A battle waged
A young man lost
Three families mourn
The tragic cost
We lost our fight for Rhys. Last Wednesday I contacted a heartbroken A to ask about the meeting. He was so beside himself with anger and grief that he dared not say too much in case he were to take it out on me.
He tried his best; his daughter backed him as much as she could (and she is a little fireball when it comes to defending her family – and to her that extends to Rhys, as it should). They even pressed the fact that I wanted them to have Rhys back. That I was behind them one hundred percent. That I wanted Rhys to leave hospital when the time was right and be returned home – to them. Back to the one house that has ever truly been his home.
I mention that three families are affected by this decision; don’t forget that, from my marriage to D, Rhys has two new cousins, two aunties and two uncles, alongside step grandparents and their respective spouses. All any of them have seen of Rhys are photographs. In spite of this, they all ask about him – and “Granny Jack” asked for the address of the psych unit so that she could send him a birthday gift.
It would have been four families, but Rhys’ paternal unit couldn’t care less.
Because Rhys’ sectioning is indefinite, funding has been withdrawn from his foster family and will not be returned – which leaves A and the kids grieving not only for C, but for the loss of the young man that they looked upon as a much-loved son and brother.
To make matters worse, when I contacted the unit, I was informed that I could expect for Rhys to remain with them for another year. I can’t begin to explain how the idea of his spending his eighteenth birthday on a psychiatric ward makes everybody feel.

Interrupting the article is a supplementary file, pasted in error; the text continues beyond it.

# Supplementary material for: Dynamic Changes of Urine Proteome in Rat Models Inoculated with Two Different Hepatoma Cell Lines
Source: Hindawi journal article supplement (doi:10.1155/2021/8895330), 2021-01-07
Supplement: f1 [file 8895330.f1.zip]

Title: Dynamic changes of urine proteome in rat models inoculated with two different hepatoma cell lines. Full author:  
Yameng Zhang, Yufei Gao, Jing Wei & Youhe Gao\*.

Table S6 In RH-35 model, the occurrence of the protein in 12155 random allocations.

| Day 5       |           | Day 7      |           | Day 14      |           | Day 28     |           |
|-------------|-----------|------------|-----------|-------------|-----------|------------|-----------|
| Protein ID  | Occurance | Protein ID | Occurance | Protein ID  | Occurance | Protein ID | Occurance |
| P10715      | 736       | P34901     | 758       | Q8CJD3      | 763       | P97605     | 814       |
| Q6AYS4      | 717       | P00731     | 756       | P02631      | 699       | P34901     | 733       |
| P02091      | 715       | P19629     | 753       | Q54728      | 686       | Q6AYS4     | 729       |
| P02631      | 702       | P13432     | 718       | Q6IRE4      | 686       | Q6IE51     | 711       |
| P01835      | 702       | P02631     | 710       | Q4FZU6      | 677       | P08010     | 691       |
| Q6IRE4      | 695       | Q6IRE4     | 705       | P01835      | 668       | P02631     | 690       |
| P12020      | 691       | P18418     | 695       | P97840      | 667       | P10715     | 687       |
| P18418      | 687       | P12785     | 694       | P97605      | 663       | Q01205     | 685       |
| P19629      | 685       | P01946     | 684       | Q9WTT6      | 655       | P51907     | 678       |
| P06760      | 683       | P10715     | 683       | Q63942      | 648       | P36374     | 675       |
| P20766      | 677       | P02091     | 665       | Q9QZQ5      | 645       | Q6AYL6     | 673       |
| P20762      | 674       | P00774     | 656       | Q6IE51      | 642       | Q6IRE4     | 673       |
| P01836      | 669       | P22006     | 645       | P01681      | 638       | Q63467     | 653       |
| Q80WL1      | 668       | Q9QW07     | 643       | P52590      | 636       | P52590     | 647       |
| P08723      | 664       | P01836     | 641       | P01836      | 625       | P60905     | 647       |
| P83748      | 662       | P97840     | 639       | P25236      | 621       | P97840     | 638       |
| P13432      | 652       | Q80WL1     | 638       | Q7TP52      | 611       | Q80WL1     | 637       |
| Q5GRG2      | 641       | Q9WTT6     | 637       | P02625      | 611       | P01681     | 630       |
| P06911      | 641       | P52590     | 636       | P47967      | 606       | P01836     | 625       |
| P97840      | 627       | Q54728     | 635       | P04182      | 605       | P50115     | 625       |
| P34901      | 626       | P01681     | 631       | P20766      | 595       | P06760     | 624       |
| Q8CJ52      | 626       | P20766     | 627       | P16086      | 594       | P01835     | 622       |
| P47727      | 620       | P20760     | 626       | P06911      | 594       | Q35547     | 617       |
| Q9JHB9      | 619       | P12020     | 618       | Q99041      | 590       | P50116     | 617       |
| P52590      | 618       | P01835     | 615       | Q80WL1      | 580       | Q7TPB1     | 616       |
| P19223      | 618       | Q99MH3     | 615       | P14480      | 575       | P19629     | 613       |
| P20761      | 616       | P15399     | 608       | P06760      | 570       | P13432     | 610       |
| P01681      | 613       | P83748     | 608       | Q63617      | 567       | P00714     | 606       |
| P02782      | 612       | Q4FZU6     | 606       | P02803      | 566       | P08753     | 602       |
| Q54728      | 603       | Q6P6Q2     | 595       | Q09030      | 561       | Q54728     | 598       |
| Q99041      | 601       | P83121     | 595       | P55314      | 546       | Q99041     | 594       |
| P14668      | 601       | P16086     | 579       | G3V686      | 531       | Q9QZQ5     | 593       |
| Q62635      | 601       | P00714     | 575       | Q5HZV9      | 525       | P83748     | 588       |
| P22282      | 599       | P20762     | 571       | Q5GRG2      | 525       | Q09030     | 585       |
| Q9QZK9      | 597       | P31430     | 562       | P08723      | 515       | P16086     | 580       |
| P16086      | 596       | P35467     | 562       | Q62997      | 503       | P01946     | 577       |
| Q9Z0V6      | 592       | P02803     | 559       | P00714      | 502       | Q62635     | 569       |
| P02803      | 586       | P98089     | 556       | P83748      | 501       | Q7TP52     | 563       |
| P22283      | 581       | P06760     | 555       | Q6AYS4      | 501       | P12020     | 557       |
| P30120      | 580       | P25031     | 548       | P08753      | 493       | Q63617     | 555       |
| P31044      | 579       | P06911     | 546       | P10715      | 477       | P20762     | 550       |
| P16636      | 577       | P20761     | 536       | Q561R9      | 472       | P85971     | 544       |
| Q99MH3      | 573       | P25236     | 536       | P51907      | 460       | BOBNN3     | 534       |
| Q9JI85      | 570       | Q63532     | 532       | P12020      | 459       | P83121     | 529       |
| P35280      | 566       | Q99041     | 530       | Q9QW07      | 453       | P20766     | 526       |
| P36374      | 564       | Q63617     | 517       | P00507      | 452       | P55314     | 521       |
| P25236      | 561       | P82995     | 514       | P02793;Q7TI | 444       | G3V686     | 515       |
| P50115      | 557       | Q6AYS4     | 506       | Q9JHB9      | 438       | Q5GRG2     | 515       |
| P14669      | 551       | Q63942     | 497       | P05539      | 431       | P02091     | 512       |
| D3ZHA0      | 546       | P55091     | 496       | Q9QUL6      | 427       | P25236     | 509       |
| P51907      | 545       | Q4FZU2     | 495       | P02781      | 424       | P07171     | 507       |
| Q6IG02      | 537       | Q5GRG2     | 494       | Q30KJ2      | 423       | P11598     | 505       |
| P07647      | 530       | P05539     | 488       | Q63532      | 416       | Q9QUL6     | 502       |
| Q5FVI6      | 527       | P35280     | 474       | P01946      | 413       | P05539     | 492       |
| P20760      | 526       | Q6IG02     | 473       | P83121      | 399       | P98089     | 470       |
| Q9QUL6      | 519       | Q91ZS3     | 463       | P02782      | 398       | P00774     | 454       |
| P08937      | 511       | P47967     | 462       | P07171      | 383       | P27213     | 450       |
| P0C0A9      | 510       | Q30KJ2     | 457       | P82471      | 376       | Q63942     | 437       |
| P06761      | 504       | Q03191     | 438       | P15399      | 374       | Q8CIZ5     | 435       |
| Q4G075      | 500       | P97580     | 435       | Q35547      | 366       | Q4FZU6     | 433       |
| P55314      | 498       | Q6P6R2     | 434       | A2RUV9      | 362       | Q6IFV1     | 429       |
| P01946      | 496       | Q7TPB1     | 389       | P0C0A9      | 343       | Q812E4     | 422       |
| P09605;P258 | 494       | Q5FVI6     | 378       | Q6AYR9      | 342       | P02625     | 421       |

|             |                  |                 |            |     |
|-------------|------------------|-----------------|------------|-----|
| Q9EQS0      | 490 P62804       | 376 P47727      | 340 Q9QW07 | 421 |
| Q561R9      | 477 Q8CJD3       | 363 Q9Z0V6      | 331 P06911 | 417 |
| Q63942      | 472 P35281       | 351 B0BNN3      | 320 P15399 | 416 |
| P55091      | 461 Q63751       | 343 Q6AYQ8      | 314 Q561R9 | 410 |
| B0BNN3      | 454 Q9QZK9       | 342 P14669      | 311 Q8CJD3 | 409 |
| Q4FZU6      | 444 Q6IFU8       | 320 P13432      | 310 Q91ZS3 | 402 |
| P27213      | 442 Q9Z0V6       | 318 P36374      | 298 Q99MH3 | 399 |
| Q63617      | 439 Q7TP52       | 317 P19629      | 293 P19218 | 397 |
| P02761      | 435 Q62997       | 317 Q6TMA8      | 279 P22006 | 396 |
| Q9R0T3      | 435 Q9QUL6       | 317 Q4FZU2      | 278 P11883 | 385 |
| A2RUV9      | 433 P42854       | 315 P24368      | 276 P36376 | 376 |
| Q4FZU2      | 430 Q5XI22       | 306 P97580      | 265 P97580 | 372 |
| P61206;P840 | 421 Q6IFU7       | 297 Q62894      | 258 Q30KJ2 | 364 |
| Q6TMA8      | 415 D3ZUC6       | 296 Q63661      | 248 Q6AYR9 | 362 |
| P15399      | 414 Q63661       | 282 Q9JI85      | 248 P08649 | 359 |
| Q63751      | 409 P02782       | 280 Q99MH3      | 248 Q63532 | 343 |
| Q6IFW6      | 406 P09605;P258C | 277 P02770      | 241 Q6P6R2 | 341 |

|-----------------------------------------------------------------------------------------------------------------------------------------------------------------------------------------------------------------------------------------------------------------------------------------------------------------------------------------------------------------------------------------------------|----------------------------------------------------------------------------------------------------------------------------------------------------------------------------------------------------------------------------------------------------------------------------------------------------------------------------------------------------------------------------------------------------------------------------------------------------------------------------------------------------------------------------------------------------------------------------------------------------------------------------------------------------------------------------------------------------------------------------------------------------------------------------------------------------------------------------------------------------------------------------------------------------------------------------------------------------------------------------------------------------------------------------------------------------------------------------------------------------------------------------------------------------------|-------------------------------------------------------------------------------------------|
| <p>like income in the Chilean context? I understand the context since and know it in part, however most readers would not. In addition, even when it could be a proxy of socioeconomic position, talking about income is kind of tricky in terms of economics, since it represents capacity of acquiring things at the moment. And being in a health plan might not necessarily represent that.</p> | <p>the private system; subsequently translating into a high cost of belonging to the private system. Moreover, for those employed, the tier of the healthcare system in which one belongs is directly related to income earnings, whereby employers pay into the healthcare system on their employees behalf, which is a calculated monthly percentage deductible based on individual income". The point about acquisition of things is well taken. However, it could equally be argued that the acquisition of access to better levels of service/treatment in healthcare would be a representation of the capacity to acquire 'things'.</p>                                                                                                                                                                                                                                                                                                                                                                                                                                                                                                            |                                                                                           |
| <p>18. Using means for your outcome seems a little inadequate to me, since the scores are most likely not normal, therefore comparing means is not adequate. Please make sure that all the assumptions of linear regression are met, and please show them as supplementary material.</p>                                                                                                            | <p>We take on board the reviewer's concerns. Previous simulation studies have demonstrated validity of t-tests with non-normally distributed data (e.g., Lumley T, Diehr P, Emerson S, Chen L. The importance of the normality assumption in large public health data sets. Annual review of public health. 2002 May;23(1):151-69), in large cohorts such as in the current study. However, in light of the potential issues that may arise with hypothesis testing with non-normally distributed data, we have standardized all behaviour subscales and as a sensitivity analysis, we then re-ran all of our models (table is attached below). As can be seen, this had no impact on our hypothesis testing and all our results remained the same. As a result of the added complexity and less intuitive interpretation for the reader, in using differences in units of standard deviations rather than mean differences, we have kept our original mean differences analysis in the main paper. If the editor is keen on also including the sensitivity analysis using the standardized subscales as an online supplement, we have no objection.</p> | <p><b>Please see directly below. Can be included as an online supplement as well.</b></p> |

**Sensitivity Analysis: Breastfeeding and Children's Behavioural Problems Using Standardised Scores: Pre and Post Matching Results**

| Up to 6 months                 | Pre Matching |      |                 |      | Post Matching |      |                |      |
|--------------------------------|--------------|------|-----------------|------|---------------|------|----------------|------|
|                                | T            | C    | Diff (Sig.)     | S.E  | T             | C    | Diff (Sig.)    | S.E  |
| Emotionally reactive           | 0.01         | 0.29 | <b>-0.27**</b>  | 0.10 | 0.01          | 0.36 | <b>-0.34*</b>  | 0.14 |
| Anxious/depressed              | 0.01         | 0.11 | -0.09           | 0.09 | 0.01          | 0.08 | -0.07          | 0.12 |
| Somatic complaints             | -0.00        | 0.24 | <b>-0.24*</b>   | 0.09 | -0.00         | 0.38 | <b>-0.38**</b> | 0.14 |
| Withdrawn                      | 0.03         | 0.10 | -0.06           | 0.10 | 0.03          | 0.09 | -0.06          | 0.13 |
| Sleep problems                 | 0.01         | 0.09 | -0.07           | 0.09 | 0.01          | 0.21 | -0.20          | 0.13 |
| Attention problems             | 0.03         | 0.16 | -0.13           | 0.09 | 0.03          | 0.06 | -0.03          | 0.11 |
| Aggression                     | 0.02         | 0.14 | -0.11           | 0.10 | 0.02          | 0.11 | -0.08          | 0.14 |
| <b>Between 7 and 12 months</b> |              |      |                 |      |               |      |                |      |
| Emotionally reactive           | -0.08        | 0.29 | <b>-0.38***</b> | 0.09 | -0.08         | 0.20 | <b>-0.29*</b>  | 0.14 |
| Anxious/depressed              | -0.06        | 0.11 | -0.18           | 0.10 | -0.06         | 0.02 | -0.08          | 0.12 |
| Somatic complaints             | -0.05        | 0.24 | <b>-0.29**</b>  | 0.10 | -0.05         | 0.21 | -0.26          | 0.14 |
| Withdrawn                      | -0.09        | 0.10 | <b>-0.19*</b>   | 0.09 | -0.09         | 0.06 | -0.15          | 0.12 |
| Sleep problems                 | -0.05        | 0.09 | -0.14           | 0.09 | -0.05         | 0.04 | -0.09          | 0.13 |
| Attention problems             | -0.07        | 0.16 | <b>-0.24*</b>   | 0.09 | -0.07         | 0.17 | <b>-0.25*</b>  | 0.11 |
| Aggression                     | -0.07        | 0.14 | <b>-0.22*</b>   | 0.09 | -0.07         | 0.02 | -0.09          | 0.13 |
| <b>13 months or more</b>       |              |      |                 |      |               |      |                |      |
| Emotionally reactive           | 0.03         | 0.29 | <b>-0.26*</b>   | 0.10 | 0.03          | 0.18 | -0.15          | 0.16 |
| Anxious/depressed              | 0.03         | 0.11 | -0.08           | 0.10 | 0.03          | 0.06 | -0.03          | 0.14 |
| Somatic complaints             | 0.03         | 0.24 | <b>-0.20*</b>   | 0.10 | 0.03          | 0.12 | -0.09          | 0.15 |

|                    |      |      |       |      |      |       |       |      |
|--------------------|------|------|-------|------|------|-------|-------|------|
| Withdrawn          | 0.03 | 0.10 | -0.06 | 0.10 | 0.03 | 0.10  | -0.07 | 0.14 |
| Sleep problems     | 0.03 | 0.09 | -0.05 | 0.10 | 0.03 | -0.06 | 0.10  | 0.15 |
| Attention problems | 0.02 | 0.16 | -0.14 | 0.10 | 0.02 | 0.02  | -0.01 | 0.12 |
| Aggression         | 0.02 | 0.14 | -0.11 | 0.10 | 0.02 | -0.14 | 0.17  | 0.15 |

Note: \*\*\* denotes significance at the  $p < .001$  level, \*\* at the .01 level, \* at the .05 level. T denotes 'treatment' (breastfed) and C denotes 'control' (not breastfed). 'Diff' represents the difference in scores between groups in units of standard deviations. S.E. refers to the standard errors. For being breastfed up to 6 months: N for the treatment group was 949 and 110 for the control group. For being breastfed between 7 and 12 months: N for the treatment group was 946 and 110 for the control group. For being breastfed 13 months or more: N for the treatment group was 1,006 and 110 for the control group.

Fortunately for Rhys his family – on all sides – are utterly dedicated to him and his well-being; therefore, D and myself have come up with a Plan B to ensure that Rhys gets everything he needs whilst maintaining contact with A.
I suggested to A that, once Rhys is allowed to leave hospital, I have him moved to a residential unit here in Essex so that I have more access to him (when he’s eighteen all parental responsibility falls back to me; Social Services will still be involved in his welfare, of course, but they get to dance to my tune and can’t exactly broach an argument with me) – and that A and his family remain an active part of Rhys’ life with full access to him whenever they would like or can manage.
Do it, he said. Do whatever it takes to help Rhys and keep my family in the loop.
And so help me Thor, I shall. Rhys’ current social worker is so drippy that she could be wrung out – also unreliable and next to useless – and I shall be using that to my full advantage. When I spoke to her on the phone and she said “So you’re asking me to suggest to my manager that Rhys be moved to Essex?” my response was: “I think you misunderstood. Rhys moving to Essex was not a request”.
It will happen. I will make it happen. Waiting perhaps another year kills me but – in some ways – perhaps it’s for the best.
As for A and his family, there was never any question in my mind as to whether or not they should remain a part of Rhys’ life.
With all of this said, please excuse me if I don’t care about the Royal Baby. It may be a happy event and all, but my baby is suffering and that is all that matters to me.
Don’t you worry, Rhys; Mummy is good at being an Avenging Angel. I am coming and – for you – I will fight to the death if that’s what it takes.